Mentioned: 47 Post(s)
Tagged: 0 Thread(s)
Quoted: 3456 Post(s)
Liked 1,454 Times in 1,133 Posts
Originally Posted by staehpj1
I can see that working out for what the OP proposes. He is talking about going back to Spain and exploring more cities using the high speed train but likes having a bike that can carry his luggage when he gets off the train. Seems like a used dahon could possibly work out well for that.
...
BTW, the idea of a trip costing many thousands kind of boggles my mind. I think I spent $1500 or so on the Trans America in 2007 and that was probably my most bike expensive trip.
Yeah, the bike is more of a portable commuter, not really a touring bike to carry a load.

I think my Iceland trip cost about $2500 in 2016. Almost half of that was the air fare, would have cost $300 more if I did not have S&S couplers. Mostly camping, stayed in four different hostels for the indoor nights, was about a month. I was surprised how cheap it was for camping, most nights were between $8 and $15, but they charged by the person, not for a "campsite". Food from grocery stores did not cost much more than in USA at the time, the only thing that cost a lot was food cooked by others, and alcohol.

And my Canada trip in 2019 was probably about $3000, but that was a total of about six weeks. Campgrounds were like in USA, you rent a complete site so campsite cost was high. And transport was complicated because almost all flights in and out of Halifax were on Canadian Airlines, so flying to and from Madison WI was impractical, I took a bus to Chicago and rented a motel near Ohare before my flight out. That trip, I think the S&S couplers only saved me about $80, but that trip was when my S&S flight savings was sufficient to pay for the initial cost for couplers and the case.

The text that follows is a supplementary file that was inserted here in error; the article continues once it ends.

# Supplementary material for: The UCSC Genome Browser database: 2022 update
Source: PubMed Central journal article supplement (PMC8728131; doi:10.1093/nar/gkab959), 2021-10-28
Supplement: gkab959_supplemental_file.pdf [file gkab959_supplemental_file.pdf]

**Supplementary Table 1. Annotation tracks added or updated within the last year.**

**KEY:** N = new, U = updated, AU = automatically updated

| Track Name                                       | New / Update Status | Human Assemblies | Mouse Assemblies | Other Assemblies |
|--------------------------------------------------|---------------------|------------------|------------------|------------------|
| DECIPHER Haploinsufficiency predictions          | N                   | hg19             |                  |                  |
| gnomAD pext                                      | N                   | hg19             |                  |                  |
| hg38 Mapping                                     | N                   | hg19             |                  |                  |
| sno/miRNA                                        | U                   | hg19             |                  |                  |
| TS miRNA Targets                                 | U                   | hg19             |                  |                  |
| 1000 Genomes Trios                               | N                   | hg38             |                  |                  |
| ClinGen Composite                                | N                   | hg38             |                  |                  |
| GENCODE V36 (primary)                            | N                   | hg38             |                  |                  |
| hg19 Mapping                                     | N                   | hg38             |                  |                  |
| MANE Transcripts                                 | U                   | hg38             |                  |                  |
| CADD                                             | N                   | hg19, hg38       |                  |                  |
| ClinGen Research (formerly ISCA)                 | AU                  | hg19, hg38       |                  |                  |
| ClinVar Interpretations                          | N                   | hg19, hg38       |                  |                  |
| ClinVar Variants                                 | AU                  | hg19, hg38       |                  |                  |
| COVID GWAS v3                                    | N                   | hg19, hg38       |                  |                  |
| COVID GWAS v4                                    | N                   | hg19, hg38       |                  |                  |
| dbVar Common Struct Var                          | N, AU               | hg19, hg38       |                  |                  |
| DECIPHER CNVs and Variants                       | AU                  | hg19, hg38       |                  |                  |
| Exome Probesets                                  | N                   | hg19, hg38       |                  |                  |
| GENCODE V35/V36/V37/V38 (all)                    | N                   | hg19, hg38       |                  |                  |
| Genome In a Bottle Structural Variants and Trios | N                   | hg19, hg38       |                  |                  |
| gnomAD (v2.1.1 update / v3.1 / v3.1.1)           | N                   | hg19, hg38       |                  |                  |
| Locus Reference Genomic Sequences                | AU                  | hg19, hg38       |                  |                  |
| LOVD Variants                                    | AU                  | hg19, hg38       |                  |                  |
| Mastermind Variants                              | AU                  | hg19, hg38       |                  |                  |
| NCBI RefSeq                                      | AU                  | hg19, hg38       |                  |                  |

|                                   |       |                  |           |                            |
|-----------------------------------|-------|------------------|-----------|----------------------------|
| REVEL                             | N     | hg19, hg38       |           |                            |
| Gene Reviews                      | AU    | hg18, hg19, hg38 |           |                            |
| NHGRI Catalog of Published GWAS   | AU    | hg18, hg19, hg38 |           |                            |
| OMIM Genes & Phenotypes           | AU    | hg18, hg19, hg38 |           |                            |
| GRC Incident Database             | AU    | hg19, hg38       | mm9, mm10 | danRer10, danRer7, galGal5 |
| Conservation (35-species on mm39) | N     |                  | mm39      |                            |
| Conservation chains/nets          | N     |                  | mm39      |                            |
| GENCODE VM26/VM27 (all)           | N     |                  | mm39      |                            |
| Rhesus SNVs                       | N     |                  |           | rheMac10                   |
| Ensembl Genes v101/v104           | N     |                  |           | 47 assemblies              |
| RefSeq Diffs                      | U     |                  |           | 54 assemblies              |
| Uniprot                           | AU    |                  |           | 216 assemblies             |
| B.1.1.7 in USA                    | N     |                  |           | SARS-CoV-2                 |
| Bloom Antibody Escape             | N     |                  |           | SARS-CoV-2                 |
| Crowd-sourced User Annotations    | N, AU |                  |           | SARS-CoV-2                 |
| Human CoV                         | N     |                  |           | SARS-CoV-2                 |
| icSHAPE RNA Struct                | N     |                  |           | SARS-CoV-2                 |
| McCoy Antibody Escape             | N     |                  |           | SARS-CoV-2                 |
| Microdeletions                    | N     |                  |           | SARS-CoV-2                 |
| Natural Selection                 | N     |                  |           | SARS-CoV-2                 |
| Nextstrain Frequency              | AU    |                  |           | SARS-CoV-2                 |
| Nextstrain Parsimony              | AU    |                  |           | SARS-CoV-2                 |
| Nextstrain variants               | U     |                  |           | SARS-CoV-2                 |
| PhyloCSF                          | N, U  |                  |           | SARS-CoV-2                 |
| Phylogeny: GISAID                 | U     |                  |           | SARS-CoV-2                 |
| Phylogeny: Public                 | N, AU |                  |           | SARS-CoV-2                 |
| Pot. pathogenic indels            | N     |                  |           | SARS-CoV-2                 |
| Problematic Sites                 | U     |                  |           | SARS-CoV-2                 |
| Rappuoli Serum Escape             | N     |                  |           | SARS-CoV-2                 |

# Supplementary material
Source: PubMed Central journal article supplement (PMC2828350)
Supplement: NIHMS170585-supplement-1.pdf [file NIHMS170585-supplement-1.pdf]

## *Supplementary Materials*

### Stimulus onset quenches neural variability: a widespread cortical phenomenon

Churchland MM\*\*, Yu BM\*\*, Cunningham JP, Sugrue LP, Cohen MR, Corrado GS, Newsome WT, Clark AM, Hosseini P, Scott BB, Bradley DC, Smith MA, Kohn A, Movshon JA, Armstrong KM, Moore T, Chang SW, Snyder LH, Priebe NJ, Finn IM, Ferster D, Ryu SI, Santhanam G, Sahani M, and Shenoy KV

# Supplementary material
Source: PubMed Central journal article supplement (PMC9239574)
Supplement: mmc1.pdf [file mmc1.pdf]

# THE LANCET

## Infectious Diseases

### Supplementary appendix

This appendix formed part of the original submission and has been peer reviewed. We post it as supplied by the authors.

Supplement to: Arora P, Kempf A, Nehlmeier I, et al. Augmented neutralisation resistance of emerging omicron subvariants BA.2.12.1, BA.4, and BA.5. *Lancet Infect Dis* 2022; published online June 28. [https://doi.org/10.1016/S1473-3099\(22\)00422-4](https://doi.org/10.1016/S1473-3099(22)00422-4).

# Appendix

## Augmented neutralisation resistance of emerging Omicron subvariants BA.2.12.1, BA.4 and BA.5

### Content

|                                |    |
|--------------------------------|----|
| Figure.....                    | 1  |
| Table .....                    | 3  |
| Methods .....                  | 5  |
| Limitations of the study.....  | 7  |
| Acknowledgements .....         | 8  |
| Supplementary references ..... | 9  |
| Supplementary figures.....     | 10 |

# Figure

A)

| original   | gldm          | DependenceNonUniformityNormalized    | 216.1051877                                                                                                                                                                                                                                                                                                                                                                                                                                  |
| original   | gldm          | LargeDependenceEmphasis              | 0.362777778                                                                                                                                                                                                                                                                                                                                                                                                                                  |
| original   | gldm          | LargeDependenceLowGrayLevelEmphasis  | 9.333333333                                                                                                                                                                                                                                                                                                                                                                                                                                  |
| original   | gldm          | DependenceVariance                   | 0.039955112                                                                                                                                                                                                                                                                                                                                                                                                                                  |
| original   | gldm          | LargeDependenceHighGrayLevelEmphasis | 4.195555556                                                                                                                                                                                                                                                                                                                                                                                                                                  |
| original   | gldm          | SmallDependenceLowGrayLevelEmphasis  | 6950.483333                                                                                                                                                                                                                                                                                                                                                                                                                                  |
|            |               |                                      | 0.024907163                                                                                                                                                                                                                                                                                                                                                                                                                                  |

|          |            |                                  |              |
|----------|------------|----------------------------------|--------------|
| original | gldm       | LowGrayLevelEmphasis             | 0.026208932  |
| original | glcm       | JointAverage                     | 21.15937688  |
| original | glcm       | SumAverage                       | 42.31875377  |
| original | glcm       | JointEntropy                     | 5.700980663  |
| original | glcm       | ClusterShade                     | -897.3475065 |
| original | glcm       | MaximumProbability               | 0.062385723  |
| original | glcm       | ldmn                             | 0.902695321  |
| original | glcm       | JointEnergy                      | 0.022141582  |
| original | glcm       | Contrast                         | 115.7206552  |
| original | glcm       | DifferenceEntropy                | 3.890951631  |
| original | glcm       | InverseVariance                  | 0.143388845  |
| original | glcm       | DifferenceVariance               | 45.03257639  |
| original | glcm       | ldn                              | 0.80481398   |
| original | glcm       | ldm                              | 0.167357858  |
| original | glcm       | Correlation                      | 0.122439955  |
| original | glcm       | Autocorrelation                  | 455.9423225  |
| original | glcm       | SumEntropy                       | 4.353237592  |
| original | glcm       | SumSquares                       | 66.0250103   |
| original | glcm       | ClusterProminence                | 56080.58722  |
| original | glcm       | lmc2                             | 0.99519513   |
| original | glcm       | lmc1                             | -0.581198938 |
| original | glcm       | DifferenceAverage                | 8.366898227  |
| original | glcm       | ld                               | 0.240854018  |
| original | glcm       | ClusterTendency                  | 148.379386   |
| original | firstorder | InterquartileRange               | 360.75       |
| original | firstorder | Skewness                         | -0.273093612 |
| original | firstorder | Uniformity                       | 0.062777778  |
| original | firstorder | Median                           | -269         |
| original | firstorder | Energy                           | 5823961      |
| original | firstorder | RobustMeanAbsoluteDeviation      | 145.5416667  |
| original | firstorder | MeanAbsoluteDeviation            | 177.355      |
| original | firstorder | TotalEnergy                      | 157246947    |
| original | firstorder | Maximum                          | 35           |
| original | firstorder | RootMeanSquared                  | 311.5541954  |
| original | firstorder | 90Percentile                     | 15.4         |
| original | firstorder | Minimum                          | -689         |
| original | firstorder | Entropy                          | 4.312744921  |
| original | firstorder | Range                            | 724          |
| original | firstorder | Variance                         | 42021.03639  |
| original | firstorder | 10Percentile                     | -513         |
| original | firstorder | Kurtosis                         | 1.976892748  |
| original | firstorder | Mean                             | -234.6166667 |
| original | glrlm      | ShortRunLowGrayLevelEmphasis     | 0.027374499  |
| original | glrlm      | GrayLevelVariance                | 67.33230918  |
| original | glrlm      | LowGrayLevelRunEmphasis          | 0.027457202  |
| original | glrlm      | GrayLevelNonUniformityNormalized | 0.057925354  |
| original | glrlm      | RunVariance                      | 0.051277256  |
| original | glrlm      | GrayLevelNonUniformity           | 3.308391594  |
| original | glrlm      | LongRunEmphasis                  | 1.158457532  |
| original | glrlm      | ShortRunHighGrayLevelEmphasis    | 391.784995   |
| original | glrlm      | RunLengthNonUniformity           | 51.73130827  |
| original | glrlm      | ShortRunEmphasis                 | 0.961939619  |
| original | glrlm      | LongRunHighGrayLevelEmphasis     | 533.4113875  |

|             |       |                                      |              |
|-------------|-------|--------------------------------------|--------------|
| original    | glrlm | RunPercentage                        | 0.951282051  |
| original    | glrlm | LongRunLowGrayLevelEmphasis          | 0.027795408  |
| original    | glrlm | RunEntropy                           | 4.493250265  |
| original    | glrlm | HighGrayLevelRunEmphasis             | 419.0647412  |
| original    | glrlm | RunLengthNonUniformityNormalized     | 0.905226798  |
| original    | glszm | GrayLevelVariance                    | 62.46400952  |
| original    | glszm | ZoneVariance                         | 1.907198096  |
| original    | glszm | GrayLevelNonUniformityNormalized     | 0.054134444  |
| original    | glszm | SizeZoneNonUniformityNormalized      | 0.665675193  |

My USA trips were a lot cheaper, but foreign air travel with a bike can get expensive. And living in Madison, the airport here consistently scores as one of the ten most expensive airports to fly in and out of, so any trips that involve a plane are expensive.
Tourist in MSN is offline  
Old 11-09-23, 05:51 AM
  #18  
Senior Member
 
staehpj1's Avatar
 
Join Date: Aug 2006
Location: Tallahassee, FL
Posts: 11,866
Mentioned: 7 Post(s)
Tagged: 0 Thread(s)
Quoted: 1251 Post(s)
Liked 754 Times in 560 Posts
Originally Posted by Tourist in MSN
Yeah, the bike is more of a portable commuter, not really a touring bike to carry a load.

I think my Iceland trip cost about $2500 in 2016. Almost half of that was the air fare, would have cost $300 more if I did not have S&S couplers. Mostly camping, stayed in four different hostels for the indoor nights, was about a month. I was surprised how cheap it was for camping, most nights were between $8 and $15, but they charged by the person, not for a "campsite". Food from grocery stores did not cost much more than in USA at the time, the only thing that cost a lot was food cooked by others, and alcohol.

And my Canada trip in 2019 was probably about $3000, but that was a total of about six weeks. Campgrounds were like in USA, you rent a complete site so campsite cost was high. And transport was complicated because almost all flights in and out of Halifax were on Canadian Airlines, so flying to and from Madison WI was impractical, I took a bus to Chicago and rented a motel near Ohare before my flight out. That trip, I think the S&S couplers only saved me about $80, but that trip was when my S&S flight savings was sufficient to pay for the initial cost for couplers and the case.